Installation view of Roman Ondák’s More Silent Than Ever (2006) at GB Agency, Paris
Courtesy GB Agency © Roman Ondák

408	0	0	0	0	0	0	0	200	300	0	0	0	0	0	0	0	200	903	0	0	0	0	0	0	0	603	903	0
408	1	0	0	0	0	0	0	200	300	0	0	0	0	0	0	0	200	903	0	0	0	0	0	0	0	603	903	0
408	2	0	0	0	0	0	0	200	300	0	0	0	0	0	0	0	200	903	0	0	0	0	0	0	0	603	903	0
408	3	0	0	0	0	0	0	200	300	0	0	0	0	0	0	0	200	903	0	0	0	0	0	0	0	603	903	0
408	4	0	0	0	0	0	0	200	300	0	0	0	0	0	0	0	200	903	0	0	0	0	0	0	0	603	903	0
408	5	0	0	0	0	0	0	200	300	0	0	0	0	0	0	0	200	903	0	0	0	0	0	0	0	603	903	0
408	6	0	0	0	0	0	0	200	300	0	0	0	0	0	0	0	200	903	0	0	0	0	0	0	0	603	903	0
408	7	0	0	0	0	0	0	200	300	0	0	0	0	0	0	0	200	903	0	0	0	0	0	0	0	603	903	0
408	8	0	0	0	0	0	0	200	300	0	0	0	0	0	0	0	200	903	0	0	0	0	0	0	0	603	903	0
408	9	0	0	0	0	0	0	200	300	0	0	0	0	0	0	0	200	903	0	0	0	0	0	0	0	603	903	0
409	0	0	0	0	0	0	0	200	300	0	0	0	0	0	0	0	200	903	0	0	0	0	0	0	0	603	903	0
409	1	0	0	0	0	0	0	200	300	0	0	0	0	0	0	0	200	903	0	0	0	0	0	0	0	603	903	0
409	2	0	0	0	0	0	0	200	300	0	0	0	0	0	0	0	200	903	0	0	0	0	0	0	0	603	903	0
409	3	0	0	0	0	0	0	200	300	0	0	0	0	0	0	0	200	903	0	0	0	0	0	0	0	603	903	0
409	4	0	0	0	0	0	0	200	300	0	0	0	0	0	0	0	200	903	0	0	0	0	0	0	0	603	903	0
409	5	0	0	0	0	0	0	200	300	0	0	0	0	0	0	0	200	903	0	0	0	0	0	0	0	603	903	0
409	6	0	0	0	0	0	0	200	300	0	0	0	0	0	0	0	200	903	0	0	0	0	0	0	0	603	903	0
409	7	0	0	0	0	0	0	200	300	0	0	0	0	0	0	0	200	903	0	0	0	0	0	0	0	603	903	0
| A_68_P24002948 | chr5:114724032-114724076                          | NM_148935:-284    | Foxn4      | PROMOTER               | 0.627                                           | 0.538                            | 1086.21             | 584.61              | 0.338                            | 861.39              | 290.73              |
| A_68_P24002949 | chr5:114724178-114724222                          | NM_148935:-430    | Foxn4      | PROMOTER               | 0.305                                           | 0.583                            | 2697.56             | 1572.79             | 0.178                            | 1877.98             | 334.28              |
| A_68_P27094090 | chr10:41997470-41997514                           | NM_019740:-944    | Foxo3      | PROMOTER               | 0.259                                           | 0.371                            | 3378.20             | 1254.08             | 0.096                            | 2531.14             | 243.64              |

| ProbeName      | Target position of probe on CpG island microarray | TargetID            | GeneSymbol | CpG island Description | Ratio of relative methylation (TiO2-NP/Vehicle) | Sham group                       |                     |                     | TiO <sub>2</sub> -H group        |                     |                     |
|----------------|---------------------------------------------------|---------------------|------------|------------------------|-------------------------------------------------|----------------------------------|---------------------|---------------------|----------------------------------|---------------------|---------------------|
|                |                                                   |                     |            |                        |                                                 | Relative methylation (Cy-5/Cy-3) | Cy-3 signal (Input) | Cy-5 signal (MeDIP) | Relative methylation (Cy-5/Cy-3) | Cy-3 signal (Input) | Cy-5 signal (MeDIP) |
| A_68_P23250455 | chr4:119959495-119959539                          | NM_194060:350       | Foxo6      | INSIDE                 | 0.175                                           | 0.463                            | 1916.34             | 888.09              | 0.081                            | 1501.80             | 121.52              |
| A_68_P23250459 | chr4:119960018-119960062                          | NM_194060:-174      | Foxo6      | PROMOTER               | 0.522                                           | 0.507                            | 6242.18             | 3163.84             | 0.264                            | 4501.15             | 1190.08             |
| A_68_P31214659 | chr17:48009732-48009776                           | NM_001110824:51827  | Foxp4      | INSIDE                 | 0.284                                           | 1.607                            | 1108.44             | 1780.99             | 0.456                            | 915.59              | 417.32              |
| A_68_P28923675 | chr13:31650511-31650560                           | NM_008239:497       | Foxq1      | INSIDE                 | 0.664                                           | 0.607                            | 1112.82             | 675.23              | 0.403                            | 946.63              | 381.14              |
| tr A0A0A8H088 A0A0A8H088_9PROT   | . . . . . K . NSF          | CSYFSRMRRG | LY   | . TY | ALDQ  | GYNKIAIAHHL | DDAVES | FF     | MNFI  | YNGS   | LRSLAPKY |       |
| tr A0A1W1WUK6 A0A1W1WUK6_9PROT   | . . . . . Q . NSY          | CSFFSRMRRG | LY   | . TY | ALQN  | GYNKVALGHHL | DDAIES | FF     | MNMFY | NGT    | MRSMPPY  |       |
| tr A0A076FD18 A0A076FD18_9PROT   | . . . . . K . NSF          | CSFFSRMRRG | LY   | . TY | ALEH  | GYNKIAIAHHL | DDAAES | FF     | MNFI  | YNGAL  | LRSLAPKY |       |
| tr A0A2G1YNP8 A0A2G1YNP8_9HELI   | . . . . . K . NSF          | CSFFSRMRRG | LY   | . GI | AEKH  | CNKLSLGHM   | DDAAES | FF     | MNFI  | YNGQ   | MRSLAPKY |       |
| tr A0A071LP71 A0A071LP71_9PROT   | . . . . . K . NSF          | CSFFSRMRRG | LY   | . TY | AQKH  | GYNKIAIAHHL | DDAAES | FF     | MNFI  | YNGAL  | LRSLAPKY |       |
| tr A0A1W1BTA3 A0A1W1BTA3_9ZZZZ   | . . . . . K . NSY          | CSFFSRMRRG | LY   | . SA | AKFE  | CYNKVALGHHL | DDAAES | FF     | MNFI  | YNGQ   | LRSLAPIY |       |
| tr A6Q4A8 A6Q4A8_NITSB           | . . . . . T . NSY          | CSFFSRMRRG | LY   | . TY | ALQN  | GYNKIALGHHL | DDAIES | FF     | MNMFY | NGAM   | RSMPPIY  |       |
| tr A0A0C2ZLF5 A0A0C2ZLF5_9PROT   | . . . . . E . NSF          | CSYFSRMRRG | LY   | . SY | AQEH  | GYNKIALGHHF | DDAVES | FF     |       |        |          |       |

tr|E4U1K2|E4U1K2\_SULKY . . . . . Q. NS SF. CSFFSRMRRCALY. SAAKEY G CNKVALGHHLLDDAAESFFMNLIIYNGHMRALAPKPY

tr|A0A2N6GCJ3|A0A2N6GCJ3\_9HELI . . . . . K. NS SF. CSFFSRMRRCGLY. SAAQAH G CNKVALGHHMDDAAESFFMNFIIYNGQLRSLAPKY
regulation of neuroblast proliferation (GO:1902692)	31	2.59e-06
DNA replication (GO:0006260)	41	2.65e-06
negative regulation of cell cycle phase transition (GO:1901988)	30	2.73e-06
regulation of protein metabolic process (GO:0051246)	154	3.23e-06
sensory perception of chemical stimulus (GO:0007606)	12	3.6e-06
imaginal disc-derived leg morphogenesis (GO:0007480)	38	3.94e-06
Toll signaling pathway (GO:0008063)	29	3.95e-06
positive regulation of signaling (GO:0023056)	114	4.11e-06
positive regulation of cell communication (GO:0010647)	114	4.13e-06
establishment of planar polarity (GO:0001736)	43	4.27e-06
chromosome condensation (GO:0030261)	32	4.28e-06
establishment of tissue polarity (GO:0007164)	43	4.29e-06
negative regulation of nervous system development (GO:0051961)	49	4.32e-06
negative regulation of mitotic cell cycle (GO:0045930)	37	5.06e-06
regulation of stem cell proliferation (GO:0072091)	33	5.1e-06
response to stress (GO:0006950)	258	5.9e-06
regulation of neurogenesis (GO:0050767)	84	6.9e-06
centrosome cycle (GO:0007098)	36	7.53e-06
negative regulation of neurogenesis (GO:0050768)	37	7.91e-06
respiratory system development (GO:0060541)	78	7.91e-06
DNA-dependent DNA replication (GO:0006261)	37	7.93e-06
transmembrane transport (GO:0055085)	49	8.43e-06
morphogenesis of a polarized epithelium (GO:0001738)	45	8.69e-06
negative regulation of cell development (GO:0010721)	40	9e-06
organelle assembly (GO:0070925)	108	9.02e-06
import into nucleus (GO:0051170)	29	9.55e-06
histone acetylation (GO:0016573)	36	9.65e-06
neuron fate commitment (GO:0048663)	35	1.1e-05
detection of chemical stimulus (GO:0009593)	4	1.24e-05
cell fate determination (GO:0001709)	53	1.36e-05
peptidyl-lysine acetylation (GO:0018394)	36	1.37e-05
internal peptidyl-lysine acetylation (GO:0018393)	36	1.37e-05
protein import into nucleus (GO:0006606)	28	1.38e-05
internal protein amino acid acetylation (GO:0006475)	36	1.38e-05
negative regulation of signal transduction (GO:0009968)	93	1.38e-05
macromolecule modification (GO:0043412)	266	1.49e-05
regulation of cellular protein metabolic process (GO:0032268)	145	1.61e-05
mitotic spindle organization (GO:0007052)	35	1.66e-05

Thus, it seemed that the history of modern art had reached its zero point when Marcel Duchamp presented a glass pharmacy phial filled with Paris air to an American collector in 1919, or when Kazimir Malevich painted his White on White composition in 1918, and two years later filled a room with, as one person noted, empty canvases “devoid of colour, form and texture” on the occasion of his first solo exhibition in Moscow. Yet in a 1968 article, critics Lucy Lippard and John Chandler could only observe that “the artist… has continued to make something of ‘nought’ 50 years after Malevich’s White on White seemed to have defined nought for once and for all. We still do not know how much less ‘nothing’ can be”. Thirty-five years later, Gabriel Orozco’s sole contribution to the ‘Aperto’ exhibition at the 1993 Venice Biennale consisted of an empty shoe box, eight years before Martin Creed notoriously won the Turner Prize partly for his installation Work No. 227: The lights going on and off at regular intervals. Nearly ten noughty years down the line, and shortly after a museum survey entitled ‘Voids: a Retrospective’ presented visitors with nine perfectly empty rooms, we are still none the wiser about “how much less ‘nothing’ can be”.